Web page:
The answer, then, isn’t to engage in witch hunts on MySpace and Facebook, says Magid, but to better educate kids about online privacy. On that front, says Adam Thierer of the Progress and Freedom Foundation, parents and schools aren’t keeping up with the pace of technological culture. “We’re doing a horrendous job in this country of educating our kid about how to behave online,” he argues. “We give them so many messages about drinking, sex, even fatty foods. But when it comes to online safety, we throw them into the deep end of the pool.”

Of course, the threat of sexual predators is real enough. Last year, 19-year-old Alicia Kozakiewicz testified to Congress’ judiciary committee about her experience as a victim of kidnapping and sexual abuse after being deceived online. Six years earlier, she had arranged a meeting with a friend she’d met online, who described “herself” as a 12-year-old redhead. Instead, she found Scott Tyree, a middle-aged man who kidnapped her, imprisoned her and abused her physically and sexually for days before she was rescued by FBI agents.

“I discovered that the boogeyman is real, and that he lives on the Web,” she told Congress at a judiciary committee hearing called to consider toughening online sexual predator laws.
But as nightmarish as Kozakiewicz story may be, it would be a mistake to focus only on these rare tragedies, says Magid. “I’m definitely not saying this didn’t happen, and that it’s not tragic. But we shouldn’t take this case and make this seem like a common occurrence,” Magid says. “This kind of thing is probably as rare as being molested by a member of Congress.”
Instead of living in fear of Internet boogeymen, Magid and Thierer offer a few simple tips for filling the education gap surrounding online privacy. Most importantly, they say, talk to your kids about what should and shouldn’t be publicly posted on the Internet. Be sure they understand that personal details like addresses and phone numbers, as well as private photos, should stay offline.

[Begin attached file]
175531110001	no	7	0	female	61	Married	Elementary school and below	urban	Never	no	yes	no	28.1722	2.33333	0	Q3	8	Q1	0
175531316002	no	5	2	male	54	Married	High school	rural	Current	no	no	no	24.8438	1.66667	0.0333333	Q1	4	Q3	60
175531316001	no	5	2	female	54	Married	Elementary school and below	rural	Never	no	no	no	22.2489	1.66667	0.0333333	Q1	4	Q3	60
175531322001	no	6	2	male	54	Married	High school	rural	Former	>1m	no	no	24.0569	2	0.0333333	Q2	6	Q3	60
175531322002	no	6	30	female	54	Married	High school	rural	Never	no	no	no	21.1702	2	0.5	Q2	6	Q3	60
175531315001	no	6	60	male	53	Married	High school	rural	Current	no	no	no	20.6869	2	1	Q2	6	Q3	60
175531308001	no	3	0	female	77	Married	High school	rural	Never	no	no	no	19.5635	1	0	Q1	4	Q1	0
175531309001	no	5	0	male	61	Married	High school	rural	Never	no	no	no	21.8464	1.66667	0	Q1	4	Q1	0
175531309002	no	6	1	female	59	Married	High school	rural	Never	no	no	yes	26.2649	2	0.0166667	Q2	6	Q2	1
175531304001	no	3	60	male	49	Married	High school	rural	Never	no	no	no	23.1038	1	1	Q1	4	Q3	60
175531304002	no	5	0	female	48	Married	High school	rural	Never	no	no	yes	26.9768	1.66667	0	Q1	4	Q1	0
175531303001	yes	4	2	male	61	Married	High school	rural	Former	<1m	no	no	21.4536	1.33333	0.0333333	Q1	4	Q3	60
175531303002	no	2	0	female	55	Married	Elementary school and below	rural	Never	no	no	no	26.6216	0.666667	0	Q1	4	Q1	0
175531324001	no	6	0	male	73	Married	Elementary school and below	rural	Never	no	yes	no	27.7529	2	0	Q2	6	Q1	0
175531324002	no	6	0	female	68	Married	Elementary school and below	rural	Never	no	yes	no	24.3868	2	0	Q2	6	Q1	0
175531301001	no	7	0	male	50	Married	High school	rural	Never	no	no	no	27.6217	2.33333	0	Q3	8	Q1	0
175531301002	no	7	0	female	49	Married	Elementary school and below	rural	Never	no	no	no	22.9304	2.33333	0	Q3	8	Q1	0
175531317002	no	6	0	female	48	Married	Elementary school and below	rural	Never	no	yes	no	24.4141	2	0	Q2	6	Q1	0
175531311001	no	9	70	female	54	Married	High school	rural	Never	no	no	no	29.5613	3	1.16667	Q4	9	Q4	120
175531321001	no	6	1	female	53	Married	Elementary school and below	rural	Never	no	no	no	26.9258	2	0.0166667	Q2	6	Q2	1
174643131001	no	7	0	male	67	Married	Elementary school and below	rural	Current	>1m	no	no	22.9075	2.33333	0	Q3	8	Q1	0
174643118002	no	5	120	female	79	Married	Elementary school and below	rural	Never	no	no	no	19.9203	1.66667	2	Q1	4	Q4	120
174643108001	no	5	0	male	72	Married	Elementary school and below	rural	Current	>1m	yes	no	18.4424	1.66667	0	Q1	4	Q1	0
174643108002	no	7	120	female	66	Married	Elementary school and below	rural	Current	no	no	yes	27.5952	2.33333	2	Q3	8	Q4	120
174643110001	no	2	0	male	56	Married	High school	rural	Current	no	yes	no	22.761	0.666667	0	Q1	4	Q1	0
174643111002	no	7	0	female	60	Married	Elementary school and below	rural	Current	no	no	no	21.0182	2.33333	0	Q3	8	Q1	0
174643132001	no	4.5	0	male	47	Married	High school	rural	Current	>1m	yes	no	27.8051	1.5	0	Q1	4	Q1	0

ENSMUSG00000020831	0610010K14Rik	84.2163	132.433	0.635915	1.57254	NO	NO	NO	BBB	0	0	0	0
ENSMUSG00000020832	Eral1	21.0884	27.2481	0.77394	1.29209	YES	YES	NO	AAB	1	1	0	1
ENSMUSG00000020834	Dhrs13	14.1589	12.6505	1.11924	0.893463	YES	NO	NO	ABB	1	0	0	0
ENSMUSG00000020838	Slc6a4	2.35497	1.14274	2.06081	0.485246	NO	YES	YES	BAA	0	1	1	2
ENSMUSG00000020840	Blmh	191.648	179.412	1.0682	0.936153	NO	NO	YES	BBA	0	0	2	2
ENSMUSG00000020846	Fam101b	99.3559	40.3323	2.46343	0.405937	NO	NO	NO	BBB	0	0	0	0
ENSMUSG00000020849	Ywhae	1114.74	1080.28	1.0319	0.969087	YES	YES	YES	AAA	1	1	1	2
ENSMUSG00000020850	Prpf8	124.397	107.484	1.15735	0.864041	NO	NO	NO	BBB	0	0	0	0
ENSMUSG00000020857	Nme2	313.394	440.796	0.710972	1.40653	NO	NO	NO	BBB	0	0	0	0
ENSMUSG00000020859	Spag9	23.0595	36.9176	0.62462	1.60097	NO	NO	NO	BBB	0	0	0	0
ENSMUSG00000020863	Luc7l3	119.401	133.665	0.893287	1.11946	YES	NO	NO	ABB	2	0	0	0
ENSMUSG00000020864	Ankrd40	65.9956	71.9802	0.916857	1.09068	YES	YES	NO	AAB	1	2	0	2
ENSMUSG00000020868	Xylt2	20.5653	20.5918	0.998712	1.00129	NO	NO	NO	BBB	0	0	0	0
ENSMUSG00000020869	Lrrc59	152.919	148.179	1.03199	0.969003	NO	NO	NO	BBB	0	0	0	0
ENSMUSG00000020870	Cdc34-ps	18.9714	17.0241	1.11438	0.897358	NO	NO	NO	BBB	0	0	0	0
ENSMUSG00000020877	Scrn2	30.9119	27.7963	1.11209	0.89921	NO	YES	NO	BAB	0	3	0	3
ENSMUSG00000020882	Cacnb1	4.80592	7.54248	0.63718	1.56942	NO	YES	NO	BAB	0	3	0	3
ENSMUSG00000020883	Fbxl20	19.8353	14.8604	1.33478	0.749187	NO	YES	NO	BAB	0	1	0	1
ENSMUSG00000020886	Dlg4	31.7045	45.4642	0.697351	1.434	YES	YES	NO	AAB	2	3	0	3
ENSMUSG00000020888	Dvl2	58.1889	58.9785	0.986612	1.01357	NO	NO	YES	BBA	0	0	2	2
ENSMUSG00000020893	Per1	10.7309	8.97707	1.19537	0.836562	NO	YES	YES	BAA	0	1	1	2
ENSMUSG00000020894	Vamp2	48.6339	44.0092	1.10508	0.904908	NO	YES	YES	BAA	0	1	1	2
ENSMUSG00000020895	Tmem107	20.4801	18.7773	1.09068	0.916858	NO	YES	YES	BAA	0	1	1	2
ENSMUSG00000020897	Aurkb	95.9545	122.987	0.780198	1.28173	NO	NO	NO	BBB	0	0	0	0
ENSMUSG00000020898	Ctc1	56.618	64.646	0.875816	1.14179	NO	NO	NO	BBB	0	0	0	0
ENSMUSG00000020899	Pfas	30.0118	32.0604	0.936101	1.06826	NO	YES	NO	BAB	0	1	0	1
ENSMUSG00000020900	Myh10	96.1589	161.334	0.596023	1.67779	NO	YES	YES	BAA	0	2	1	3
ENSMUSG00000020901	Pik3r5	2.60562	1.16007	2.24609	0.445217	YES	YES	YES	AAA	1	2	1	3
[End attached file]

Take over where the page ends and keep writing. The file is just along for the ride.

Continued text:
Also, consider placing any computers in the house in a “public” place, like the family room or living room, rather than a child’s bedroom. This tactic doesn’t just let parents keep Web browsing safe and open, it also helps parents limit the time kids spend online and encourages offline activities like sports or socializing.

One tool Magid advises parents to use with caution, however, is Web filtering software like Net Nanny or Cybersitter, which block objectionable content online. For teens, he says, such software inspires resentment and only leads to kids looking for other sources of Internet access, like a friend’s computer. As cellphones become smarter, they may also offer kids a surreptitious avenue to the Web.

For younger kids, an easier way to keep Web surfing safe may be an emerging group of social networking sites aimed at preteens. Disney’s (nyse: DIS - news - people )Club Penguin is a social network and virtual world for kids ages 6 to 14. On settings aimed at its youngest demographic, the game only allows players to communicate using pre-set phrases, making obscenities or other inappropriate content impossible. Even on its settings for older users, the site employs teams of moderators to identify and ban any user spouting less-than-innocent language.

Another site that mimics MySpace for young teens and ‘tweens is Imbee’s late creator, Jeanette Symons, who passed away in February, told last year that the site is designed to bring real-world friendships onto the Web, not vice versa. Only a child’s direct friends can view his or her profile, and parents are alerted whenever a new friend is added.
"Younger kids are seeing what older kids are doing with MySpace and Facebook, and of course, they want to mimic it. The problem is that they don’t have the concepts yet to be able to realistically protect themselves,” she told “Imbee gives them social networking without the risks.”